I think that's probably the worst aspect of what happens for a lot of us. People mean well - I know they do. But they make assumptions that aren't theirs to make. I had a conversation with a friend recently about supermarket shopping. On bad days, she and I both use the trolley as a walking aid - we look 'normal' leaning on a trolley, rather than being younger women (obviously not in our dotage yet!) hobbling on walking sticks. She'd had an experience shopping with a friend who was 'helping' by pushing the trolley for her...refused to give it up because, NO, it was more helpful if my friend didn't have to manage the trolley. My friend needed the trolley for support to walk the supermarket...but nothing she said seemed to go in... The real issue was that the friend wasn't listening. My friend's actual needs weren't being heard. That feels just awful - and you don't have to be sick to have an experience like that.

One of the most supportive people I have in my corner is my rheumatologist. I got so lucky when I ended up with him. He is amazing. I saw him last week for a follow up visit after an MRI, and we had the most extraordinary conversation, which keeps coming back to me. He started by telling me my MRI pics were 'spectacular'. That's actually NOT something I wanted to hear - because it pointed to the severity of the issue. So he sorted out a couple of referrals for me and another follow up appointment, and then said to me that I was a complex case. That he could understand that in the past, I'd have had difficulty being heard by doctors and other medical personnel. That I'd have struggled to have them take me seriously - because my presentation isn't straightforward by a long way, and some of the side issues are pretty left field. Then he said to me that he wanted me to know that he was listening to me, that he'd always listen.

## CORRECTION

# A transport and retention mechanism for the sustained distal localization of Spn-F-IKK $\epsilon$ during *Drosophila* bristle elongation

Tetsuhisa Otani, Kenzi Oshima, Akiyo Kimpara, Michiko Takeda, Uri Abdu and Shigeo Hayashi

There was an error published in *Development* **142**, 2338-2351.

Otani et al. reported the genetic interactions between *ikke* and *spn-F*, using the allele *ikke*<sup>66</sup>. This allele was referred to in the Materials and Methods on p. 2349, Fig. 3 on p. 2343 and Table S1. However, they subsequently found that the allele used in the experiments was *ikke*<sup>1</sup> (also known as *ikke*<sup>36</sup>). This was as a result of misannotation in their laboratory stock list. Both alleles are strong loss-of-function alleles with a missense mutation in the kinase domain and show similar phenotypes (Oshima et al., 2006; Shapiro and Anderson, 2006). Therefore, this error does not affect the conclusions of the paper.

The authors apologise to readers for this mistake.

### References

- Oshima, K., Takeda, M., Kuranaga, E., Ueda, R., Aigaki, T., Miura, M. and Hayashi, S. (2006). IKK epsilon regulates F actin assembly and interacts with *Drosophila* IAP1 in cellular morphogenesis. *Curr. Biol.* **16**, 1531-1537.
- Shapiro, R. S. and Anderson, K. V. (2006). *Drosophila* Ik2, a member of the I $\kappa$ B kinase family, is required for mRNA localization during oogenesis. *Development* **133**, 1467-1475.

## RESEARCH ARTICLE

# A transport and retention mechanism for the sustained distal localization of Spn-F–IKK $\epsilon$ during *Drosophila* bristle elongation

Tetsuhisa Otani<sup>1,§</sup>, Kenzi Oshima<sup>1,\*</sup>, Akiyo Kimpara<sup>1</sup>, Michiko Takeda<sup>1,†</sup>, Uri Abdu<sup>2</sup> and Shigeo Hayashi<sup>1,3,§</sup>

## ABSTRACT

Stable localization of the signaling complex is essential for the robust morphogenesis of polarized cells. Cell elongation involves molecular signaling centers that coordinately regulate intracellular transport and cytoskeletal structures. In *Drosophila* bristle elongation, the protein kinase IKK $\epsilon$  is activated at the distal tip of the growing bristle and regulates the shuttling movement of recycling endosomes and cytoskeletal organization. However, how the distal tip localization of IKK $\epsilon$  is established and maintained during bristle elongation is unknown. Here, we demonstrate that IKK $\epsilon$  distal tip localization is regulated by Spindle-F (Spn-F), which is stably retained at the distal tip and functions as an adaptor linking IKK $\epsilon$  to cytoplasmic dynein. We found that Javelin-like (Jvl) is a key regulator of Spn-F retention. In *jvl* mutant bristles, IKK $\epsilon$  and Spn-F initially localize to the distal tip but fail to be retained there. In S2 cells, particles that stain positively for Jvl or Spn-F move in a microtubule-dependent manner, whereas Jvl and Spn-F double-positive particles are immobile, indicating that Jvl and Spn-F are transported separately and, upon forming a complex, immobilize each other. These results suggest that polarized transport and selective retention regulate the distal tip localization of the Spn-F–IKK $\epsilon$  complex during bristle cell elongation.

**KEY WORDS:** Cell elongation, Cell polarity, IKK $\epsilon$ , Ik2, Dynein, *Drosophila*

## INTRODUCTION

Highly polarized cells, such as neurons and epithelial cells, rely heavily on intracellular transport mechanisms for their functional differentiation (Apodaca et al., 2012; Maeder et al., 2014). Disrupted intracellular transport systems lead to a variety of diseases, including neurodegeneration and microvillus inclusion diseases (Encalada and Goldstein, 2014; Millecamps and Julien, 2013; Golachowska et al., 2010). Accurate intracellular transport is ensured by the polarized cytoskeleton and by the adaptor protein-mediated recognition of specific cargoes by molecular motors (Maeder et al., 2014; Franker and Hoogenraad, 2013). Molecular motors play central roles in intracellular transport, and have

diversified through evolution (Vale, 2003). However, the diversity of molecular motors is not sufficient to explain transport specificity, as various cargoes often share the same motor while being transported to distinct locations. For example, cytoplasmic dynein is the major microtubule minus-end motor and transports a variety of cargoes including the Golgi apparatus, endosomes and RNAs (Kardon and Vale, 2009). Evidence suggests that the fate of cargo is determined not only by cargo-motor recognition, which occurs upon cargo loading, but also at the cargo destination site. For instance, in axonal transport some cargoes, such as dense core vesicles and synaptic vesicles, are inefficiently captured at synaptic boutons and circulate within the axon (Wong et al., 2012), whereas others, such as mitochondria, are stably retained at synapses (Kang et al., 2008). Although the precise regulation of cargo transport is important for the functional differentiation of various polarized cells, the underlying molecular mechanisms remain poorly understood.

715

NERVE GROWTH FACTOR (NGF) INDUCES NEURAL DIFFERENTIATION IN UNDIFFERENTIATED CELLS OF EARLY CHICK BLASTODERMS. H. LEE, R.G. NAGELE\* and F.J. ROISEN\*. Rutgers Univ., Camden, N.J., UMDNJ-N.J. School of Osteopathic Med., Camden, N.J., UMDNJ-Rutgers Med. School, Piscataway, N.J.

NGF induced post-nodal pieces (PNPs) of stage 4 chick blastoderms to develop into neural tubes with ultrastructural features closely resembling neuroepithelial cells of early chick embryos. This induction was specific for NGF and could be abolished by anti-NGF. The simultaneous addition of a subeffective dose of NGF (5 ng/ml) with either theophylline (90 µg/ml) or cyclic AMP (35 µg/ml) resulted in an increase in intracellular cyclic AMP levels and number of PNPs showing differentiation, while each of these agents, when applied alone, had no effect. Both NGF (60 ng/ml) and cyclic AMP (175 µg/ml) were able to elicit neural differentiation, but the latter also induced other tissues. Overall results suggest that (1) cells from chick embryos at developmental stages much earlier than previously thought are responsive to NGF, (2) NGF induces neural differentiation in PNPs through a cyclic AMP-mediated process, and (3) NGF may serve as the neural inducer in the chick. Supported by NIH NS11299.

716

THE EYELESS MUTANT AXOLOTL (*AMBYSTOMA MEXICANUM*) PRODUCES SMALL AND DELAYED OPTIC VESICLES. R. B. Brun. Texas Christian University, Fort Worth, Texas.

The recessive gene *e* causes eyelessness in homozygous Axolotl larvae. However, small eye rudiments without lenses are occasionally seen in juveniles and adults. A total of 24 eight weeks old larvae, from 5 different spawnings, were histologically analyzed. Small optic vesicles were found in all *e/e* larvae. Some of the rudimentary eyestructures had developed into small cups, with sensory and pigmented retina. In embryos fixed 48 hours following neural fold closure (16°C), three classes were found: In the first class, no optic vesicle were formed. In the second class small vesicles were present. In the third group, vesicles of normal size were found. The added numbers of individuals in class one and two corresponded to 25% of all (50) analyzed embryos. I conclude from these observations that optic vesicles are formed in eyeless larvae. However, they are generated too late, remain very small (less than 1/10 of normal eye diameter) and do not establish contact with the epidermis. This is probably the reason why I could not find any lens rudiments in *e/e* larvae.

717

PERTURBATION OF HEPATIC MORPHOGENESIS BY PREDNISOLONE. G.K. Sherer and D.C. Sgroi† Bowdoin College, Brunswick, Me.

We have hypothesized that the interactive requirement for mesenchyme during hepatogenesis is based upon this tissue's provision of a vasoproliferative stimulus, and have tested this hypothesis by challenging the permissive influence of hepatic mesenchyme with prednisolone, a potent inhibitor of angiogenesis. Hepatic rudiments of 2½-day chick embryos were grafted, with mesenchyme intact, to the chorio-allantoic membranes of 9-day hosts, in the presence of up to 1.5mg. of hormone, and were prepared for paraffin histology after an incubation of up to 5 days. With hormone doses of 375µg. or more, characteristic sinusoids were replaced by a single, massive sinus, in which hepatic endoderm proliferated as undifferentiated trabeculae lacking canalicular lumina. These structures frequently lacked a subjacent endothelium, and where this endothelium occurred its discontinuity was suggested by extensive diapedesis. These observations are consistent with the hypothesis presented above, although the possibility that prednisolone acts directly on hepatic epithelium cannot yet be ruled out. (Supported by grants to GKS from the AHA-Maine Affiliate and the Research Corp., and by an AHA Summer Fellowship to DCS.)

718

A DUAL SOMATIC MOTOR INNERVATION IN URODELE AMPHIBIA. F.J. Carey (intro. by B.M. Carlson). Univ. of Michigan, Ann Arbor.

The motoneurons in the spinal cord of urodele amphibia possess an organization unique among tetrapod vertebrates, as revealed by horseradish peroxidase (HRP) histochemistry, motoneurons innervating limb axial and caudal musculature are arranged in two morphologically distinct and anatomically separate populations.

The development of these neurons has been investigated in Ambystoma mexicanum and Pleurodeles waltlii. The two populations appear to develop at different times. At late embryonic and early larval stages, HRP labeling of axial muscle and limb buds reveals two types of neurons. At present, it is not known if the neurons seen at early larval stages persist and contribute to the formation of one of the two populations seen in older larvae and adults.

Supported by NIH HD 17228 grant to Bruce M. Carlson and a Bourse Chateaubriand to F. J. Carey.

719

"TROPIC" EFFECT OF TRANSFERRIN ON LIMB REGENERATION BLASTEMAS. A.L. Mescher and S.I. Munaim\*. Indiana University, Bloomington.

He has a different level or awareness than any other doctor I've had. I spent two weeks in hospital when the disease lost the plot. My partner had to be overseas for business during part of that time - it was unavoidable and not moveable. A friend came from interstate to be there and came in every day, but had to leave before my partner came home. She left on the Saturday of the middle weekend. My son had been dashing in each day - sometimes very early in the morning - sneaking past the nurses because it was way ahead of visiting hours - or quite late. I was quite unprepared, on the Sunday afternoon to see my rheumatologist's head come around the curtains. I was gobsmacked and asked him what he was doing there - and why wasn't he with his children...? He told me that he knew my partner was still away, and that my friend had had to go home again, and he wasn't sure if I'd have anyone to visit me that day, so he just thought he'd pop in... He came to the hospital JUST to visit me. He is something else, that man.